Last night, in Oklahoma City, Chris Paul turned the Thunder into a Swiffer. Attach all the necessary caveats to that, of course—it's just one game; the Thunder were without Kevin Durant and the helpful version of Serge Ibaka who used to exist before somebody decided he needed to become Walt Williams; Russell Westbrook, Paul's counterpart, still managed 24 points, 9 rebounds, 7 assists, and 2 steals—but it's true anyway. However much it's possible for an NBA team to be made into a mop, Chris Paul did it.

He started with Russ himself.

That is stark and gruesome. Russ was his outrageously productive self—17 points on six shots!—against everybody else; against Chris Paul, he was Eric Maynor.

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And this is before you get around to the 33 points Paul himself produced at the other end, on only 19 shots. The Thunder, understandably wanting Russ to save his energy for being literally the only guy on the team who can do a single goddamn thing on offense, gave D.J. Augustin the job of guarding Paul in the first half. If this might seem to spare Russ some portion of embarrassment, it also makes the broader team-wide humiliation worse. While these guys were marshaling and rationing their various energies, Chris Paul was killing them both—the guy whose sole job was to stop him got torched; the guy whose sole job was to outscore him got devoured.

After halftime, they went ahead and put Russ on him. It was all they could do. And it didn't work.

The downright meanest moment came with around 9:15 remaining in the third quarter (it comes at around the 1:11 mark in the highlight reel above). Coming off a high screen-and-roll that forced Russ and Ibaka to switch, Paul lowers his head and dribbles hard from the wing toward the center of the floor, like he's trying to race Ibaka to the rim. But it's a ruse! As soon as Ibaka gets up to full speed to try to angle him toward the baseline, Paul stops on a dime, watches Ibaka go flying past, gathers himself for just long enough to let Ibaka recover some and leap back toward him, and drains a jumper in his face.

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Ordinarily you might shrug at what's ultimately just a 17-foot jumper—so what, it's still not a good shot, you're thinking. In the cosmic sense, sure. But, by this point in the game, Paul had spent the entire night letting the Thunder's energy and effort—the urgency and intensity you typically laud in a basketball team—do his work for him. When they were eager to contest his shot, he head-faked them into the troposphere; when they were eager to help each other, he casually slid to a vacated spot and buried an open three; when they were eager to pressure his dribble, he tied up their shoelaces with those stuttering little hesitation moves, then darted past—and then, when he'd done that, and everybody collapsed on him in that same eagerness to help, he looped a pass to one of his wide-open teammates for a bucket.

The whole affair had an exquisite cruelty to it, and this third-quarter bucket was the larger pattern rendered in microcosm. You can't see the whole thing in that highlight up there, so you'll have to make do with a description. It starts with the eager, energetic Thunder denying his intended pass to J.J. Redick, leaving Paul out near midcourt with his dribble picked up, nowhere to go, and long-armed Russ closing on him. Spencer Hawes runs out to give Paul a release valve, and Serge Ibaka follows, for no particular reason beyond, again, eagerness: Hawes isn't going to shoot a 35-footer when he gets the ball, and anyway if he did that'd be a good outcome for Oklahoma City. Paul and Hawes see what's happening a beat before Russ and Ibaka do: Hawes drags Ibaka all the way to Paul; Paul simultaneously tosses the ball to Hawes and cuts toward him; Hawes does little more than tap the ball back to Paul and let Russ crash into his chest—and voila, Oklahoma City's eagerness, with a little nudge from Chris Paul, has turned a broken offensive play into a hopeless mismatch way the hell out near halfcourt.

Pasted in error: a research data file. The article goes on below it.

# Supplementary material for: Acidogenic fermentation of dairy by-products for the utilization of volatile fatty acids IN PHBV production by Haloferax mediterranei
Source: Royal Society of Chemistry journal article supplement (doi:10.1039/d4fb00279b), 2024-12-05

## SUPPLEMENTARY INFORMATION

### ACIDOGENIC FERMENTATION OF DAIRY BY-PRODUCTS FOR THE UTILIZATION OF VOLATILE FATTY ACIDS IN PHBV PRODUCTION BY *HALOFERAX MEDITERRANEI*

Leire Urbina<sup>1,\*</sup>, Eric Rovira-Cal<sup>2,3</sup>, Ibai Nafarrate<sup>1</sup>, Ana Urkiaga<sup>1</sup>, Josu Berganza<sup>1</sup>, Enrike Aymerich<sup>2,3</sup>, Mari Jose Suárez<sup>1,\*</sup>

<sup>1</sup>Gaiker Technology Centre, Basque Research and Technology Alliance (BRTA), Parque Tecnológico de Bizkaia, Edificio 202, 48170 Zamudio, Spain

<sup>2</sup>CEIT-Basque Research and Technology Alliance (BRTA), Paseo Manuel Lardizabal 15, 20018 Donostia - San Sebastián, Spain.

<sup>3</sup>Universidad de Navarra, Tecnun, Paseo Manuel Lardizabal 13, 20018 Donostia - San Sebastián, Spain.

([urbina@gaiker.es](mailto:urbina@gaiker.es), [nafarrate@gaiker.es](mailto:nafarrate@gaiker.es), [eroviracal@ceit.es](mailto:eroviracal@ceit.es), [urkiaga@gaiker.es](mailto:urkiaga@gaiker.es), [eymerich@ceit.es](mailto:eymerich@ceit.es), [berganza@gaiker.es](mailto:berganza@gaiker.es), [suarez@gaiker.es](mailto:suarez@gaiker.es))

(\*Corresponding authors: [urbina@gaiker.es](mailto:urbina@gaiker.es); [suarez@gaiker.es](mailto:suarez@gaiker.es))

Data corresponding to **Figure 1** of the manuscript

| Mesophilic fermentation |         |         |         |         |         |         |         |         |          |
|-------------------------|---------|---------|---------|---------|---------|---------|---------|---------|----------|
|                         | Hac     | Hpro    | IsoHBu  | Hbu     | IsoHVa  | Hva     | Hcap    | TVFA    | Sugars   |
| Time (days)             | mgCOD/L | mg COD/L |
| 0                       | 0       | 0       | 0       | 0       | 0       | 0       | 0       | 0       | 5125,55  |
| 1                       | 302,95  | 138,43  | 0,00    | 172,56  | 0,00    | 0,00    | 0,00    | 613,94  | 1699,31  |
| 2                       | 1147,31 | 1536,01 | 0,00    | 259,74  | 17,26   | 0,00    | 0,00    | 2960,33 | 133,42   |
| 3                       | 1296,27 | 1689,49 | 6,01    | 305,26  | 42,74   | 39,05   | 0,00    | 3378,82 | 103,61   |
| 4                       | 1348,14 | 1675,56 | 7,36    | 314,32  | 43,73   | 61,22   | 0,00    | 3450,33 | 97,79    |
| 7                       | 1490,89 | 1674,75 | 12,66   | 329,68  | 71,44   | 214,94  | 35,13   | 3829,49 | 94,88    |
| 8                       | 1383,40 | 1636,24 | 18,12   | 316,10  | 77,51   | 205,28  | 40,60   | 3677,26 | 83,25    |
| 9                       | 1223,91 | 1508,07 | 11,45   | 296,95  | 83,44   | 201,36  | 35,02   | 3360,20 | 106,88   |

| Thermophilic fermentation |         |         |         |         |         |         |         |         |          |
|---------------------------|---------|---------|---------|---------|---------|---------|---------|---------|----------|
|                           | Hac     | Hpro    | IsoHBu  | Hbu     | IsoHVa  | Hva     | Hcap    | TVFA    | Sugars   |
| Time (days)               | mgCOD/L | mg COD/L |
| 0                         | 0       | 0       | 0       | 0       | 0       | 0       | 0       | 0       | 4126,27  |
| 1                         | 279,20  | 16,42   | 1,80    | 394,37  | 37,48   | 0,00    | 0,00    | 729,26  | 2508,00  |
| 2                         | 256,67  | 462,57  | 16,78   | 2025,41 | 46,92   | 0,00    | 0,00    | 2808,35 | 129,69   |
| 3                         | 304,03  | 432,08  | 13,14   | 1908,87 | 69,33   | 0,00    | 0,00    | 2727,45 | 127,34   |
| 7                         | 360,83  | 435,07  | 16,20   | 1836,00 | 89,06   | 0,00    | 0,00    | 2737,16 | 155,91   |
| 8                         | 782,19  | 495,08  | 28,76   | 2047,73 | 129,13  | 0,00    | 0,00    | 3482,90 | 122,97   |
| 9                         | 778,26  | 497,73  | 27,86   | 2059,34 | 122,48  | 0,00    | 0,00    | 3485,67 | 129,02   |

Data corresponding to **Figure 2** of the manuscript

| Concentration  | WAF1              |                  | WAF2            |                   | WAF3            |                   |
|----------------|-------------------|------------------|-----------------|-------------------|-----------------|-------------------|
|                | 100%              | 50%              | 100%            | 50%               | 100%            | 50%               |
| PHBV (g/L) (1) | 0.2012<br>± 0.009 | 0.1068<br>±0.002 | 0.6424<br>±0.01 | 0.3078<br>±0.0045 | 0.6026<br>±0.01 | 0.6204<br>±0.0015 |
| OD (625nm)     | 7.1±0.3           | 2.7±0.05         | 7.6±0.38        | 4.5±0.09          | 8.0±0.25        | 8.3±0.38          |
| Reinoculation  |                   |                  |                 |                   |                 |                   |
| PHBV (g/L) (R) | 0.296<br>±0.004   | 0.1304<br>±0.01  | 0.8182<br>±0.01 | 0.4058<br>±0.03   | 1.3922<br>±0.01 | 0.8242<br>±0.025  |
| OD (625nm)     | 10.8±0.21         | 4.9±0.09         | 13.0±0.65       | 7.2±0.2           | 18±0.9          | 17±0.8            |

Paul, a notoriously ferocious competitor, doesn't dominate whole games quite as regularly as he used to. He's 29, it's his 10th season in the NBA, and he's the size of a baguette, so it's no stretch to guess that the absolute apex of his powers is behind him. He's always great, of course, and has a lot of great basketball left in him, but he seems pretty clearly to have reached the picking-his-spots phase of his career. One spot he seems to relish in particular is the one he had last night: the opportunity to go into some other, younger, more spectacular guard's building and play violin with the other guy's team as the bow. Last season, for example, he did it to John Wall. In a December game at Verizon Center, he put up 38 points on only 14 shots—go ahead and have a moment with those two numbers—in a blowout Clippers win that doubled as the lowest and most humiliating point of the season for Wall and the Wizards.

This time around, he timed it with even more sadistic brilliance. Russell Westbrook very justifiably has been the toast of the NBA over the past month or so, unlocking a new level of whirlwind basketball fury as he pretty much singlehandedly drags the shitty and injury-depleted Thunder along in his pursuit of a playoff berth. Since Feb. 1 he's averaging 32.5 points, 10.3 assists, and 9.5 rebounds per game, the kind of numbers that would make your buddies assume you were playing on Easy Mode if you told them your created player was posting them in a goddamn video game. He was the West's Player of the Month for February, and the West's Player of the Week for the first week of March. He's a fucking superhero, and at this rate, he might just be the MVP.

And yet, just like that, he's also in ninth. Chris Paul is a damn killer.

Photo via AP; video via YouTube